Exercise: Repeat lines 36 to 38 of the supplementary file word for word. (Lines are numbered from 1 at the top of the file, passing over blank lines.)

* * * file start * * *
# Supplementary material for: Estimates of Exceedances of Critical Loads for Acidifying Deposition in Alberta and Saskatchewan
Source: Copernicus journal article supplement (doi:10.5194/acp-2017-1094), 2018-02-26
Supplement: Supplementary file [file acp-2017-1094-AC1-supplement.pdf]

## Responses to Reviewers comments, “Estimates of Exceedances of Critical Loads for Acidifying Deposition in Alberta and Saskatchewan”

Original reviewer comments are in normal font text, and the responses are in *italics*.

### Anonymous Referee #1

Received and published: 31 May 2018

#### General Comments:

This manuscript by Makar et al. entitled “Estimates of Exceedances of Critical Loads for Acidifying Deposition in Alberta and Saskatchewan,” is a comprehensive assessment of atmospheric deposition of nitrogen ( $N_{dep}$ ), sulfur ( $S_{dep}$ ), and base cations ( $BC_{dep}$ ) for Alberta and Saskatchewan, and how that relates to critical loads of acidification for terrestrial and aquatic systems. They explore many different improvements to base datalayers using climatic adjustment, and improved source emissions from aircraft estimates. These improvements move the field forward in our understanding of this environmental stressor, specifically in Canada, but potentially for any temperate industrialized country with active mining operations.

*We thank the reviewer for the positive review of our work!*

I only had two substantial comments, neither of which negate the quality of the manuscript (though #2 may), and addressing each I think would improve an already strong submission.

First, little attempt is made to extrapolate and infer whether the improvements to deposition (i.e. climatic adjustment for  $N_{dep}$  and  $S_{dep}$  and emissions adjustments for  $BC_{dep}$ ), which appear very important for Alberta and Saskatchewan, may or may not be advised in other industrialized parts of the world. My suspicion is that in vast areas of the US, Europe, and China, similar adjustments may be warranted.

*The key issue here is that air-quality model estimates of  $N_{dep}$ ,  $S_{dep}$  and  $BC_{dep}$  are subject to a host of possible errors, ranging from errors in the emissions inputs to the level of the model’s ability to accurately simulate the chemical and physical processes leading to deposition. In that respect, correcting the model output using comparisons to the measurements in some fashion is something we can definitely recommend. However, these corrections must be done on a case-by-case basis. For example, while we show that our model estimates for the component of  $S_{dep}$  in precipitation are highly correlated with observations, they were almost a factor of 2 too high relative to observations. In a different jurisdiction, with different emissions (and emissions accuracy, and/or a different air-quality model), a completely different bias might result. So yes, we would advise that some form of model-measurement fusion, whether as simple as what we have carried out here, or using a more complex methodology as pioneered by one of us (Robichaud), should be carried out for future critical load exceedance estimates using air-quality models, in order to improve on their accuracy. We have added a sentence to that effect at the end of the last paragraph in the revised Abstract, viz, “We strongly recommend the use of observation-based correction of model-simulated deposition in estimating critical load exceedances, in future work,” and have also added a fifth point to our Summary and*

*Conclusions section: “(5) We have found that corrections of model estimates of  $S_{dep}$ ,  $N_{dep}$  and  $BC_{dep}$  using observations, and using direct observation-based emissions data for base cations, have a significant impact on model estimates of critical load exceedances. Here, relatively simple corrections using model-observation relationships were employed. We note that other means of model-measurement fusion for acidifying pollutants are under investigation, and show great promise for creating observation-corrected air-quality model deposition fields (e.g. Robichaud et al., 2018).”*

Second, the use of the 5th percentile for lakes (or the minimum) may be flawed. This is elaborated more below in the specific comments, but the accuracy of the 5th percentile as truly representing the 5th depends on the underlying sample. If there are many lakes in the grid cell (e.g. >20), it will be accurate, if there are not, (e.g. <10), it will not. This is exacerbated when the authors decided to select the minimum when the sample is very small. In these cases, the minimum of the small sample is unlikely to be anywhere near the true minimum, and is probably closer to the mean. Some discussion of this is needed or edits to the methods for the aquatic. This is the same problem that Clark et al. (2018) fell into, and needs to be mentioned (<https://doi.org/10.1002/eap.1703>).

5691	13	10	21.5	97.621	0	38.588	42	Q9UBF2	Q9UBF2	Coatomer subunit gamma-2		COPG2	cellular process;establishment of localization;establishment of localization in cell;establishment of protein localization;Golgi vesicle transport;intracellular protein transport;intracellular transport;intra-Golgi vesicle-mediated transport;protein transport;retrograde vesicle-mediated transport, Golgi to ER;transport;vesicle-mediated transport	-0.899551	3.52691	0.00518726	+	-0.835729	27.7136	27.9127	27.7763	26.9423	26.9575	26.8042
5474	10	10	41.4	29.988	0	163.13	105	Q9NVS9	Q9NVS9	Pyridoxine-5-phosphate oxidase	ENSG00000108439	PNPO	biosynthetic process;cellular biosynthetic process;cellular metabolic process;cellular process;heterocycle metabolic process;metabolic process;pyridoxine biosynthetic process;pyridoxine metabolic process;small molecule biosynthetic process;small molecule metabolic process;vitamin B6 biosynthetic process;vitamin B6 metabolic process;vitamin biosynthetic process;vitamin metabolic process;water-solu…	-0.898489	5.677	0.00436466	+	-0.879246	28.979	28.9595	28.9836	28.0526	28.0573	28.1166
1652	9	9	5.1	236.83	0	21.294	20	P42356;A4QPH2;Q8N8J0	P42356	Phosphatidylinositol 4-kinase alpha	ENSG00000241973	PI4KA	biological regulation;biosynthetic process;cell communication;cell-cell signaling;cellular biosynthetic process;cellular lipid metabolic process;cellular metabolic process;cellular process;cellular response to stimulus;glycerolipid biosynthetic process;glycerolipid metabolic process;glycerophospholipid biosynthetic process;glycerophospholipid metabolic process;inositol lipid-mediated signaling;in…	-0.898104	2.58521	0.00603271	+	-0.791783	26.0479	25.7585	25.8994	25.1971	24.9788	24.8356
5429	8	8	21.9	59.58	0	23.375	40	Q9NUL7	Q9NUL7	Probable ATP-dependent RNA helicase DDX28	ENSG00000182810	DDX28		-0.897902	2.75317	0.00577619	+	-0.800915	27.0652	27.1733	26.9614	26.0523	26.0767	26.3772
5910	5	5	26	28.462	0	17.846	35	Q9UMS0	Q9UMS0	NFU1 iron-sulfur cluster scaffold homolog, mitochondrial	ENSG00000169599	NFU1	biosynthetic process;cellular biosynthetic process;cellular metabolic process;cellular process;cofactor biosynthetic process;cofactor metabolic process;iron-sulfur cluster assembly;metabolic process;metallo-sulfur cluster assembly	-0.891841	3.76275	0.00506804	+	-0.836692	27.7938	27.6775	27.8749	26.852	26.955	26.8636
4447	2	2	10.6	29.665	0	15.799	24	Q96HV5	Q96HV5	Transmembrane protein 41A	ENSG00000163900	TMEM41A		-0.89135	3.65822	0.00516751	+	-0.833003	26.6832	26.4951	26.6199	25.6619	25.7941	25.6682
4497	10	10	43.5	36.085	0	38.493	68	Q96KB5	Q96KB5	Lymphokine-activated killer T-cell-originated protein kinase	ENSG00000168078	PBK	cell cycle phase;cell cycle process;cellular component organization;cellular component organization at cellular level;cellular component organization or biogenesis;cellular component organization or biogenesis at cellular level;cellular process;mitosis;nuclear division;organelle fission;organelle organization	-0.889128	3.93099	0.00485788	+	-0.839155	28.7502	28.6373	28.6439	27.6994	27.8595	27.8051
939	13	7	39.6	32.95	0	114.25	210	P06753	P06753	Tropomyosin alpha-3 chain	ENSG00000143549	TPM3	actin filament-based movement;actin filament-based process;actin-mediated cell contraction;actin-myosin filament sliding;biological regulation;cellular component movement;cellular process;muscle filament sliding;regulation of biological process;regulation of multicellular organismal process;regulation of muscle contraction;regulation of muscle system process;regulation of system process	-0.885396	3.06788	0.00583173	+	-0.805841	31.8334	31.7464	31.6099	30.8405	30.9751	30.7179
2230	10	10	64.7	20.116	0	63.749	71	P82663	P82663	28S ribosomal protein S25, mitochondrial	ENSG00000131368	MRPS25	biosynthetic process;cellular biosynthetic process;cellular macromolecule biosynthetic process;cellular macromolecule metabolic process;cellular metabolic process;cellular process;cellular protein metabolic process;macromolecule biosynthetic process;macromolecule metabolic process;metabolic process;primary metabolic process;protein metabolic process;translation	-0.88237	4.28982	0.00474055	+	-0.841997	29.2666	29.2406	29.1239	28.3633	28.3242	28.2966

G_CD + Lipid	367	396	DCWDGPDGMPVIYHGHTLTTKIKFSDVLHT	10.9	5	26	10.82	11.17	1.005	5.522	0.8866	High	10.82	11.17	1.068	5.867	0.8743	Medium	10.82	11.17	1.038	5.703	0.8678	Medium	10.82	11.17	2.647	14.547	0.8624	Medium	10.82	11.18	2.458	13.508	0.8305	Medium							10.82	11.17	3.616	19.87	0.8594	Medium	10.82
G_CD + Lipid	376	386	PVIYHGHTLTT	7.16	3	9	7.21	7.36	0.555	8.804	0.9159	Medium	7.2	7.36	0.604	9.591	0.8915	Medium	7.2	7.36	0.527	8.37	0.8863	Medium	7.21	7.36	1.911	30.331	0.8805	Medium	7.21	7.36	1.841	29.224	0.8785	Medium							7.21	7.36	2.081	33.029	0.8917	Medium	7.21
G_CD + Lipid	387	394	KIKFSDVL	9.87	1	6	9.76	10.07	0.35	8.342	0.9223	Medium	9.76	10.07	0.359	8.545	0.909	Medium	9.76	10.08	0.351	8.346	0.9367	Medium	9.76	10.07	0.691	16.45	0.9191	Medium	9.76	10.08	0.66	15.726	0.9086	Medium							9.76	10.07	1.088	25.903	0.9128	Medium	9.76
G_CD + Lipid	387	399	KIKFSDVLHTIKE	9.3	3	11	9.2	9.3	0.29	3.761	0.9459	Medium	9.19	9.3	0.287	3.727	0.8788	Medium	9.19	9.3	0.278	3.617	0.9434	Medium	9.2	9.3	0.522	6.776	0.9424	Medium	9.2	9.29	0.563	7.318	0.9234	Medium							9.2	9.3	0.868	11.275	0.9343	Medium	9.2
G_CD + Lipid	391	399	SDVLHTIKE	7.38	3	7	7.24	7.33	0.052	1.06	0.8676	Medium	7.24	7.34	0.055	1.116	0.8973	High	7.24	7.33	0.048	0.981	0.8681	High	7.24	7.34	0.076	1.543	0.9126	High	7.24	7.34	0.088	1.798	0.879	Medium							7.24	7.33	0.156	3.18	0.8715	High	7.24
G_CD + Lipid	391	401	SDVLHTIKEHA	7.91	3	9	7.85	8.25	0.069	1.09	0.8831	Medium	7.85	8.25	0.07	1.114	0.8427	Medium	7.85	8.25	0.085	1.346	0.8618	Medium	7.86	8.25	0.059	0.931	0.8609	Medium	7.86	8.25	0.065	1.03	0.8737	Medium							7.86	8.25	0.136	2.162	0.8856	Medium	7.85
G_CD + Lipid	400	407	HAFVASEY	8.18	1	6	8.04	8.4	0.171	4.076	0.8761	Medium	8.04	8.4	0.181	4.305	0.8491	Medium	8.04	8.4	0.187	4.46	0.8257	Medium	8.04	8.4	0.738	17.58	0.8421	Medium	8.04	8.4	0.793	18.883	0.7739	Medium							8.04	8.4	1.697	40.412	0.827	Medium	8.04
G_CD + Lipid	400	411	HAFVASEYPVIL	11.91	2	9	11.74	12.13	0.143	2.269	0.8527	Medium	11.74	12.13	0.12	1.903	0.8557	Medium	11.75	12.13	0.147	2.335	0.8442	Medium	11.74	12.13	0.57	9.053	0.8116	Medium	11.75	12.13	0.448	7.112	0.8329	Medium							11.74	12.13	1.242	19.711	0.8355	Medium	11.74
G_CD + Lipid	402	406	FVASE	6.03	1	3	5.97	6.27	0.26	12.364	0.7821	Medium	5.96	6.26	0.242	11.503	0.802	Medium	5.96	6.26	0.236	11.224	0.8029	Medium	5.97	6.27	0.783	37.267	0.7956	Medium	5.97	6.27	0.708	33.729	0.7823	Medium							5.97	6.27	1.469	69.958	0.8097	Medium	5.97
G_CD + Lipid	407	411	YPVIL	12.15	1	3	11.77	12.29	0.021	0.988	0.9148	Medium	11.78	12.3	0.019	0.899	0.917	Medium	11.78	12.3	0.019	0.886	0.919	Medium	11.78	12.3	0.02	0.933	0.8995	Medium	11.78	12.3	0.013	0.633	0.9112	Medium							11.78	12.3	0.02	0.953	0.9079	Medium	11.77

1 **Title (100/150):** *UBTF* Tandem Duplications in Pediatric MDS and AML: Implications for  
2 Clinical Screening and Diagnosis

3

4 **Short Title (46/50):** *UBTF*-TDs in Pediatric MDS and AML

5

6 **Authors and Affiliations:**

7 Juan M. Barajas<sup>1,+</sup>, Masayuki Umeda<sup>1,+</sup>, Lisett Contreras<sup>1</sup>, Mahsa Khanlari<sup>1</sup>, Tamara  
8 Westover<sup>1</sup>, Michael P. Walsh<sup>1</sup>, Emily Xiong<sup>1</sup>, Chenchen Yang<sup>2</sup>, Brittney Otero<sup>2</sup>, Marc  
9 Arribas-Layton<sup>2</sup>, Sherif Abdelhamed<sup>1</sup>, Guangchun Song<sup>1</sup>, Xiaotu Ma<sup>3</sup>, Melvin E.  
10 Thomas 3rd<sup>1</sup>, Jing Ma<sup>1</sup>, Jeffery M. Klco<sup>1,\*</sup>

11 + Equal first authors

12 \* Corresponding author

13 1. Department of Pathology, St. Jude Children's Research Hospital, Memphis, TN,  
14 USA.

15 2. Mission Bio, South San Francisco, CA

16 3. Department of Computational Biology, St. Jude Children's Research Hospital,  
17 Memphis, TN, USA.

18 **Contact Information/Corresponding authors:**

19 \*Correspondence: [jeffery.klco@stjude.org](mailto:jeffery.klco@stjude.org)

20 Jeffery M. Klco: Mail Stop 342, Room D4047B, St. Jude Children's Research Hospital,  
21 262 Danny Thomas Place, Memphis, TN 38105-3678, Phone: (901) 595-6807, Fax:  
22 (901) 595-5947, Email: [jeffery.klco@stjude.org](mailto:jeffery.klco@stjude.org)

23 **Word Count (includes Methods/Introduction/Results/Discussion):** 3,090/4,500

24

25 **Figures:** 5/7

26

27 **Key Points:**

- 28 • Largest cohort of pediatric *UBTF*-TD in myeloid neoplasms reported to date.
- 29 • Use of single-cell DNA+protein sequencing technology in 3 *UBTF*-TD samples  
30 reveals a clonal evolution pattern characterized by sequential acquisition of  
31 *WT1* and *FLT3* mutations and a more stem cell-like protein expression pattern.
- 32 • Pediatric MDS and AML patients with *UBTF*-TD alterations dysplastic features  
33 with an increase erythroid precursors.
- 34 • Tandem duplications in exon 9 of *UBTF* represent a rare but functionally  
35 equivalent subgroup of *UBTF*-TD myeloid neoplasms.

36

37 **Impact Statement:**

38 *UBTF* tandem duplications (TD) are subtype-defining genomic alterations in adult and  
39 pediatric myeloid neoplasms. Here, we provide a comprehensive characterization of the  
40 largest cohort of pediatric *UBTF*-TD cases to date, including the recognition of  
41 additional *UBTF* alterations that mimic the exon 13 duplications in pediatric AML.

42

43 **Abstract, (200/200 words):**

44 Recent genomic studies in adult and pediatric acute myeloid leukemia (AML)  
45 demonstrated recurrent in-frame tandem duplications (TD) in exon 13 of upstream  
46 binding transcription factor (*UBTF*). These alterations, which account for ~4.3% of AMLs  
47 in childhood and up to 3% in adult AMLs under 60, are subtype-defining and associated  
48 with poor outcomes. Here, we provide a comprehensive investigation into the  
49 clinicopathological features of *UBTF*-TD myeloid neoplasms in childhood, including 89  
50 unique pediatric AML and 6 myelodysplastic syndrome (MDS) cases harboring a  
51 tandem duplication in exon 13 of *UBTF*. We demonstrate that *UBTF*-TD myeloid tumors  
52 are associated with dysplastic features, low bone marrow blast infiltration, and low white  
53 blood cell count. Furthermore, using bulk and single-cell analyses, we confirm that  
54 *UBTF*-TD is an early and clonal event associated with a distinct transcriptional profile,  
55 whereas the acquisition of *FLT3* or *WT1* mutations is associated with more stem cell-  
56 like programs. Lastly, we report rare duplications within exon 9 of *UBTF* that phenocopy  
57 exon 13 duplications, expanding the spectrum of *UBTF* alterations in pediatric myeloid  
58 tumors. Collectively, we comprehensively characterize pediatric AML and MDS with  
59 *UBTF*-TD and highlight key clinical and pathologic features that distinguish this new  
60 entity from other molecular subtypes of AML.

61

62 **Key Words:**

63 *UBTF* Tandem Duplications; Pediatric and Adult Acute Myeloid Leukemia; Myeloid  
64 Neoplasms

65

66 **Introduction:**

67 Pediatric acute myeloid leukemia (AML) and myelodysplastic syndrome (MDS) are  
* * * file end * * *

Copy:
2 Clinical Screening and Diagnosis

3

4 **Short Title (46/50):** *UBTF*-TDs in Pediatric MDS and AML